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Airlines face sky-rocketing claims for compensation following last year’s Supreme Court ruling sanctioning payouts for delays of three hours-plus when aircraft suffer technical problems.

The judgment in the Huzar v Jet2 case means technical defects are no longer classed as “extraordinary circumstances” under EU compensation rules.

Law firms soliciting claims forecast “a rapid rise in claims” and insist fares will rise just £2 as a result.

But the Board of Airline Representatives in the UK believe the regulations added £2-£4 to fares before the judgment.

Chief executive Dale Keller said: “The figure will be substantially higher as a result of the ruling. There will be more than double the number of payments.”

Keller reported “significant payouts in the last two months of last year”.

One network carrier identified delay‑compensation claims as now its “highest commercial cost”, while Thomas Cook set aside £40 million for compensation in its 2014 results.

The European Regions Airline Association warned last week that claims are having “a creeping effect on air safety”. Keller said: “We don’t want a situation where a captain makes a call on whether to delay a flight, which costs money, or to run back to base.”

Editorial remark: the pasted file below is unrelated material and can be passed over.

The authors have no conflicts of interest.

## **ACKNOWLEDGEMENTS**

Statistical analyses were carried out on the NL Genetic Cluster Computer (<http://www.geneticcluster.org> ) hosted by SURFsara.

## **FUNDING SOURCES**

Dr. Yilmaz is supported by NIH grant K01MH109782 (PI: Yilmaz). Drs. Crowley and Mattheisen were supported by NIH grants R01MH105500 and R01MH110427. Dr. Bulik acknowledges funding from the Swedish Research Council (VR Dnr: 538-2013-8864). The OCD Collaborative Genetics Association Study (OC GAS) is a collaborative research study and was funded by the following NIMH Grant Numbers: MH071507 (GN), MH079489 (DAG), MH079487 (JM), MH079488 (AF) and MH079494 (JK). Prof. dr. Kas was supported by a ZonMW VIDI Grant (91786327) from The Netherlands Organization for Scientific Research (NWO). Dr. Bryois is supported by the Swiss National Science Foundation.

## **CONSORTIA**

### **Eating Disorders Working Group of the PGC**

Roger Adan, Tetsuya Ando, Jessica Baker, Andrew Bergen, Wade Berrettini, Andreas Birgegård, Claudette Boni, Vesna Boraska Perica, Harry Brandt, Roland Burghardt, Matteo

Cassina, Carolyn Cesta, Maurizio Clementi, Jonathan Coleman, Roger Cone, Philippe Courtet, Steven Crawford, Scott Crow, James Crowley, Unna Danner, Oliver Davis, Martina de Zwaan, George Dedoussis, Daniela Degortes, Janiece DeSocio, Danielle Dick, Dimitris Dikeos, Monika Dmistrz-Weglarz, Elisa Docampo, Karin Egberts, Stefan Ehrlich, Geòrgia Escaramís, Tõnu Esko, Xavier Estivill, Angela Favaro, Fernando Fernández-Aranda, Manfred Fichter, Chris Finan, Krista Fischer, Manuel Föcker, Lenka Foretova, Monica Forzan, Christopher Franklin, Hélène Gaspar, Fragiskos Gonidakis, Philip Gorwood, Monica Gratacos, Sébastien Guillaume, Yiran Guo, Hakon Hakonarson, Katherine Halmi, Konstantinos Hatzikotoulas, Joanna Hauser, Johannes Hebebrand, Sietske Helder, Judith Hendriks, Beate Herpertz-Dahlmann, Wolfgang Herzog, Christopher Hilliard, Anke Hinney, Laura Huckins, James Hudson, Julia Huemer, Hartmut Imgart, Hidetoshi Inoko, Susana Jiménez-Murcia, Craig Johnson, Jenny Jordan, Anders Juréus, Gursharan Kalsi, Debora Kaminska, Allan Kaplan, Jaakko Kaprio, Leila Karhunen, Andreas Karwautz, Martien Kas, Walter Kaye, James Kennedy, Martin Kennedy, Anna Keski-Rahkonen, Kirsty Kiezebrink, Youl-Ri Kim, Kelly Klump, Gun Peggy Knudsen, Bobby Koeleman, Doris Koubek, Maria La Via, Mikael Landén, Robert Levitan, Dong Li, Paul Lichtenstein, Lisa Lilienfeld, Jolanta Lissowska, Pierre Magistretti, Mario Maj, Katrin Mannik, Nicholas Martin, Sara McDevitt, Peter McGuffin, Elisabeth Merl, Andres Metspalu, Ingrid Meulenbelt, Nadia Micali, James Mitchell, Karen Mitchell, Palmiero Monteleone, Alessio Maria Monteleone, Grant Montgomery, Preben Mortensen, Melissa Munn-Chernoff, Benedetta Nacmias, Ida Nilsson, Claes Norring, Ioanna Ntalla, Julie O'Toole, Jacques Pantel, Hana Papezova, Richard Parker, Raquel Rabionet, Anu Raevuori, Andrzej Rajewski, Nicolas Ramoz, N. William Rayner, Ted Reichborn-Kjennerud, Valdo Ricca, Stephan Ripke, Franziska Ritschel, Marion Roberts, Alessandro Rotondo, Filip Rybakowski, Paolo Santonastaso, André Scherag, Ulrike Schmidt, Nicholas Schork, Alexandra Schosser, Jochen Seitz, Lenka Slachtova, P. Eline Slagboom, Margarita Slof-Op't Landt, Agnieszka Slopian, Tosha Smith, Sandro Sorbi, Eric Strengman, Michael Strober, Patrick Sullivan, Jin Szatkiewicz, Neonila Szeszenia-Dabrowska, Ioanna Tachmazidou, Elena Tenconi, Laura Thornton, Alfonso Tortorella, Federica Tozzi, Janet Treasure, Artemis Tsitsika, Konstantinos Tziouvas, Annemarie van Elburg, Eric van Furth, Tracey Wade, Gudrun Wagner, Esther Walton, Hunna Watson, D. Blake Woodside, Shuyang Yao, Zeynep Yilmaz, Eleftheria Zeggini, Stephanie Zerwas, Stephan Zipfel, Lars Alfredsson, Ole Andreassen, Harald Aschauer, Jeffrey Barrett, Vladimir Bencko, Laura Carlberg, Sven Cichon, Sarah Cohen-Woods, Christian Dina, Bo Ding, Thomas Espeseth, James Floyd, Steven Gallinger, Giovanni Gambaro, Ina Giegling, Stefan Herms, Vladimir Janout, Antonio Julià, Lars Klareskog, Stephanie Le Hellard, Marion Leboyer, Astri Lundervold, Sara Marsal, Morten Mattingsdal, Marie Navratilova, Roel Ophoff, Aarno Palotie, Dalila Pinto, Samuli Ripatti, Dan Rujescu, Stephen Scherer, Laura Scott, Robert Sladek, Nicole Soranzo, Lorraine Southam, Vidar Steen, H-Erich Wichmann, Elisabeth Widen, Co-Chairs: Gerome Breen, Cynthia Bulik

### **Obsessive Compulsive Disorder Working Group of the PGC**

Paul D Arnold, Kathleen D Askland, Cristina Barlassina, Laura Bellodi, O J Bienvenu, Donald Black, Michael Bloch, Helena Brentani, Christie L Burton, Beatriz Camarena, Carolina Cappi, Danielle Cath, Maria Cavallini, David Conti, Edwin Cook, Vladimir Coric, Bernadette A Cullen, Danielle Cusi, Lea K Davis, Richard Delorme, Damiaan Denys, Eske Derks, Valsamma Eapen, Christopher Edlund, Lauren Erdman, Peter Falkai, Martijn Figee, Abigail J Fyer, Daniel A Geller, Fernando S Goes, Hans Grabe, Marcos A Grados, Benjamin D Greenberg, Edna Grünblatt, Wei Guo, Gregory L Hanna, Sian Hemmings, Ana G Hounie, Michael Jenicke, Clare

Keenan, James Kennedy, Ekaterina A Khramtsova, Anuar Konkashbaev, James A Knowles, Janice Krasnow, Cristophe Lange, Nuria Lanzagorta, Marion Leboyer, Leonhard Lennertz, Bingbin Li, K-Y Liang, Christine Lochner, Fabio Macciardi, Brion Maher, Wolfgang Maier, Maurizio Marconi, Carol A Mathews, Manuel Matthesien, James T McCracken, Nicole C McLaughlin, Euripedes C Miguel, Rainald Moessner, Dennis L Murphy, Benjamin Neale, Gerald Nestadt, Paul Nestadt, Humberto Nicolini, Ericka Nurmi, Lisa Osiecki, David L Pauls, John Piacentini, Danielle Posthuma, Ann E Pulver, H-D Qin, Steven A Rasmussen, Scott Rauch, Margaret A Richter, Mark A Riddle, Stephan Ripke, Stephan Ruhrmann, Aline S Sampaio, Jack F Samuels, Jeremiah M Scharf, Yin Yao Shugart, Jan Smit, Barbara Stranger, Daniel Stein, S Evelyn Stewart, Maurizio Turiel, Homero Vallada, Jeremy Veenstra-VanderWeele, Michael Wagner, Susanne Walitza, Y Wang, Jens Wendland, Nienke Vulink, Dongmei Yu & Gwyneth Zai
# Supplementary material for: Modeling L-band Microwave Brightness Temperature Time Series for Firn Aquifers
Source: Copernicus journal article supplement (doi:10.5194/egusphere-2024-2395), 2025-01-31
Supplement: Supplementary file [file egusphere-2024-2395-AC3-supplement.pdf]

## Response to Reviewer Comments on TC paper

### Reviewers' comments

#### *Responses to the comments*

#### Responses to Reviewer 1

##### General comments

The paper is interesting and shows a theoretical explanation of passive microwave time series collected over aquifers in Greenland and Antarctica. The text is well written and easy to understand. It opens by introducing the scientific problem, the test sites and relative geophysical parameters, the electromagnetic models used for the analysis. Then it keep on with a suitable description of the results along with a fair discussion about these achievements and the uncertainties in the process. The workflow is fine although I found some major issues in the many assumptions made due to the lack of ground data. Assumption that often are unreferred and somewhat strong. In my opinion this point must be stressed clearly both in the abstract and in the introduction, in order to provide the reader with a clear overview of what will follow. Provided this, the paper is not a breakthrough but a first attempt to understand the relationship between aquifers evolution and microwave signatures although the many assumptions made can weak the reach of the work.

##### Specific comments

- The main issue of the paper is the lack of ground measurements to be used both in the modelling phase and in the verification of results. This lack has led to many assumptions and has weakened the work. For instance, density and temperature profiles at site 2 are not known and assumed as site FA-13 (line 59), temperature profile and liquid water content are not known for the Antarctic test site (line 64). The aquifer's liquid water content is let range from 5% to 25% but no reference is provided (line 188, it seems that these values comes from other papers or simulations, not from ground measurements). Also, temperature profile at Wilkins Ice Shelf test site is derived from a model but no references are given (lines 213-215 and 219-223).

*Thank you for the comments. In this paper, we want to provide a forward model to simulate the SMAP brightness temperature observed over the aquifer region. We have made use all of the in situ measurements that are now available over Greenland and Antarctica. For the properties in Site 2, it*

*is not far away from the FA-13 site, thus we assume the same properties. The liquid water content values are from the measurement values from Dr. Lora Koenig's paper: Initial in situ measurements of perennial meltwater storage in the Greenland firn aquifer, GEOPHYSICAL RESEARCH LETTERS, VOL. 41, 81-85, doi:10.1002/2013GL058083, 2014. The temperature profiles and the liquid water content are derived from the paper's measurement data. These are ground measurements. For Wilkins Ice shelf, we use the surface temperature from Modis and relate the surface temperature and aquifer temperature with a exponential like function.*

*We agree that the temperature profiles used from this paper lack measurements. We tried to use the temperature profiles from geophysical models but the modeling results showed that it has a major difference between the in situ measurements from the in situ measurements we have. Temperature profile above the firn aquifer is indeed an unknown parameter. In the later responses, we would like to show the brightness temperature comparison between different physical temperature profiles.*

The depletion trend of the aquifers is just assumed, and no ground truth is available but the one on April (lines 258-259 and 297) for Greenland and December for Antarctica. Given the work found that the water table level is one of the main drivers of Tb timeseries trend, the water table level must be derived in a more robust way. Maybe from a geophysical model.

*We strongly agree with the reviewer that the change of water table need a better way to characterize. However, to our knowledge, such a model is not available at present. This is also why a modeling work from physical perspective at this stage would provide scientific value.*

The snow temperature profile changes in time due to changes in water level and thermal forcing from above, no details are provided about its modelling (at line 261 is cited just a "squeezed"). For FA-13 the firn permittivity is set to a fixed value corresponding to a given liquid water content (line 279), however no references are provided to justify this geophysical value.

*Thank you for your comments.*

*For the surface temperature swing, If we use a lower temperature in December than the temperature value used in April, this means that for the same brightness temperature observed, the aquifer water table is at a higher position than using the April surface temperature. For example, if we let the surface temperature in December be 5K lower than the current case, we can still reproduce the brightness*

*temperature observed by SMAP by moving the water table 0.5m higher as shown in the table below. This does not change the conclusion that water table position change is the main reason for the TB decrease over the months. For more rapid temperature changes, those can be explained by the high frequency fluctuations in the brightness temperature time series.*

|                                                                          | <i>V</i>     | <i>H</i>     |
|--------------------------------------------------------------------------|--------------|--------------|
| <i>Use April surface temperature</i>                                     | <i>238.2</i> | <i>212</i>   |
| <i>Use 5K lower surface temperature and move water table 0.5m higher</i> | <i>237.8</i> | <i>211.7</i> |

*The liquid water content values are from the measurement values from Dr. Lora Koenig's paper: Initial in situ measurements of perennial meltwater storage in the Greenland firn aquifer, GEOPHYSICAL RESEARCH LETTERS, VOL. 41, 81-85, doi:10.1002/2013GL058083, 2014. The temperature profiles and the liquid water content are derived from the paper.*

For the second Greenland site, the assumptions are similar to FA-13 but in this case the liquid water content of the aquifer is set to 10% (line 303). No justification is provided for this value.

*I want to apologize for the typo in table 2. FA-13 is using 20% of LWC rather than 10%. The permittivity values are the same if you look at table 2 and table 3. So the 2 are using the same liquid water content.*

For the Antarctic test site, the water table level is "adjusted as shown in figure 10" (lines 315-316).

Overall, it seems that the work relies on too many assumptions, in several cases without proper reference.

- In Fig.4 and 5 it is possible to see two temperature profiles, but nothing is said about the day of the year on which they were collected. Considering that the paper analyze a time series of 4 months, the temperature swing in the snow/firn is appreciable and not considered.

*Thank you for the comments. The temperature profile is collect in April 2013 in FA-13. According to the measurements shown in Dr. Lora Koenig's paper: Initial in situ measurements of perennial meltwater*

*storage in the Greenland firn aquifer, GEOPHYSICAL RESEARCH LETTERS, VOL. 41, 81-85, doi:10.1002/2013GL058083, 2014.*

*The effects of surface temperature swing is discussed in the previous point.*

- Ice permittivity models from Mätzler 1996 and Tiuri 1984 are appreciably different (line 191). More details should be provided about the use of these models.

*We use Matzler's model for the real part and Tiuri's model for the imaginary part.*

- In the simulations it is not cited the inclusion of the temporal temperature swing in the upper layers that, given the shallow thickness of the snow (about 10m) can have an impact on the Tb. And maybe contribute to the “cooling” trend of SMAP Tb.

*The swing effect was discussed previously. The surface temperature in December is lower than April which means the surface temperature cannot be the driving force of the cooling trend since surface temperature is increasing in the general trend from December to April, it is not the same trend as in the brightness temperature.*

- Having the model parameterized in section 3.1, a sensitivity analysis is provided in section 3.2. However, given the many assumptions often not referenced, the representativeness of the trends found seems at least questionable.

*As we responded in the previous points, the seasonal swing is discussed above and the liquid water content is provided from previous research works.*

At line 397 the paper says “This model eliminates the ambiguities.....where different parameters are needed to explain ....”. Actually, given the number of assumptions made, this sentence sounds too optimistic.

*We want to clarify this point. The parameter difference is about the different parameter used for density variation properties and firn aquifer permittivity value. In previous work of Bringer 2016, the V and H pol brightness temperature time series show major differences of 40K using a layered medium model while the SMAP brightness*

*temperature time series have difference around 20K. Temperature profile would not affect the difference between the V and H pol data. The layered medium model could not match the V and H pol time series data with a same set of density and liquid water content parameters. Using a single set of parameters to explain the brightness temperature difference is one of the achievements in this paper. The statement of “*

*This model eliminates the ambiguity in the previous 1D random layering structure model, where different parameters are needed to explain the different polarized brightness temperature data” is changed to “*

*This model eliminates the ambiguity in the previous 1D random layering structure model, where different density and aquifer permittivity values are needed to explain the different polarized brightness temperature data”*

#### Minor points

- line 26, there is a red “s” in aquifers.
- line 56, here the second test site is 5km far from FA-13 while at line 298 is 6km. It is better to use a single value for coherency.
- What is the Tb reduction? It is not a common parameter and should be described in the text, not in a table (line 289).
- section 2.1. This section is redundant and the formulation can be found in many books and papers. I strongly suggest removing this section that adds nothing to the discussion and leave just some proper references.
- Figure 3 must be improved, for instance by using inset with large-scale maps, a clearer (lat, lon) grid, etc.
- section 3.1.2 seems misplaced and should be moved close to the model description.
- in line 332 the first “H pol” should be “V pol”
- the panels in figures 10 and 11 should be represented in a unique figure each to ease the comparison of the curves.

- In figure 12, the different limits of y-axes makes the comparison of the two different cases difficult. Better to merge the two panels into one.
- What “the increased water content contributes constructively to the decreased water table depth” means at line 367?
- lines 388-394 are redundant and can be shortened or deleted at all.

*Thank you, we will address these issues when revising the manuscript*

Holiday flights are most vulnerable to delays, he added, saying: “A Greek island won’t have a hangar full of parts.”

Consultant Andy Cooper said the potential annual cost to UK carriers is €250 million if every passenger claims.

Claims firm EUclaim put the figure at £214 million last year and expects 25% of delayed passengers to claim.

UK manager Adeline Noorderhaven said: “Consumers sign a contract that states the airline will transport them at a specific time. If it doesn’t, it’s its responsibility to compensate for the damages that occur and loss of time. If an aircraft is technically unsafe, it is the airline’s responsibility.”

EUclaim charges 27% of a payout for successful claims, plus a €25 admin fee.

Cooper said: “If every passenger claims, almost €70 million a year would leak to claims companies. Ultimately, someone pays – and it will be passengers.”